Silence is true wisdom’s best reply.
Silence and Greek Civilization
Euripides (480-406 BC) was a Greek poet and writer of tragic plays who as a contemporary of Socrates was well acquainted with the persuasive power of rhetoric. During his lifetime, Greek civilization was making great strides in philosophy, politics and the arts and speech in its many forms was integral to developing these fields of thought. Often great thinkers publicly shared their ideas in the Agora of Athens. Yet even in this context where public exposition was the norm, Euripides’ plays frequently explored the inner lives of his characters.
The quotation above reflects Euripides’ concern for the development of this inner life. Why silence? There are many reasons. Silence allows for a full inner response before a more public one. Silence can allow for some of the many whirling, swirling ideas within to settle; for many counter points to be considered; for consideration of how words could be best chosen to best be heard by the interlocutor; for a sense of peace to replace other feelings that may have been evoked by words heard or read. Silence also allows for better listening to others; both listening for words expressed as well as emotions, facial expressions and things left unsaid.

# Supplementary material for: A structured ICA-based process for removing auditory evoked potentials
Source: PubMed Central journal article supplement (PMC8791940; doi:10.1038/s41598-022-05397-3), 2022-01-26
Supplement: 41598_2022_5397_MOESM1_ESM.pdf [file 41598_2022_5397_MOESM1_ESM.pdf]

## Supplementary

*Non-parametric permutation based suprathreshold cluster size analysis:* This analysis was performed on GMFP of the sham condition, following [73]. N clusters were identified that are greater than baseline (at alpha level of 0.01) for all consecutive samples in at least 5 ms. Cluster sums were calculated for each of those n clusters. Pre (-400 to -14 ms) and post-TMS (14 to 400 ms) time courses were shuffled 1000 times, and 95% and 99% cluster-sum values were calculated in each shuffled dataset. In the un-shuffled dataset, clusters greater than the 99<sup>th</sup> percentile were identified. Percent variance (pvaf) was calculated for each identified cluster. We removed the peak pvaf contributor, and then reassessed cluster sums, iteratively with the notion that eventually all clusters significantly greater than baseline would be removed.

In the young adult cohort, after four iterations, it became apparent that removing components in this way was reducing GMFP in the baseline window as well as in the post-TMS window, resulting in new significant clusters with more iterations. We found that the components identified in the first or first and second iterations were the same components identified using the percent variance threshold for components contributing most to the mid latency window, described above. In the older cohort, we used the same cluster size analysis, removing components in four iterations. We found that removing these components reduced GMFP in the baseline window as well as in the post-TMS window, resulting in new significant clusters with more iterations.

Silence During a Pandemic
Yet how do we do this while working and studying remotely? Does Euripides’ idea of wisdom work over video and conference calls where timing of responses matters in interesting ways? Silence can feel awkward, especially over video calls.
Strengthening inner skills of silence (or even just slowing one’s response) can produce better, more thoughtful interactions with others. Euripides’ wrote tragedy, so the many dimensions of this moment that feel so hard, were not outside of his emotional range (though the specifics may have mystified him). Silence allows much to be held, to be reflected upon, to be processed and grieved and contemplated before the action of words.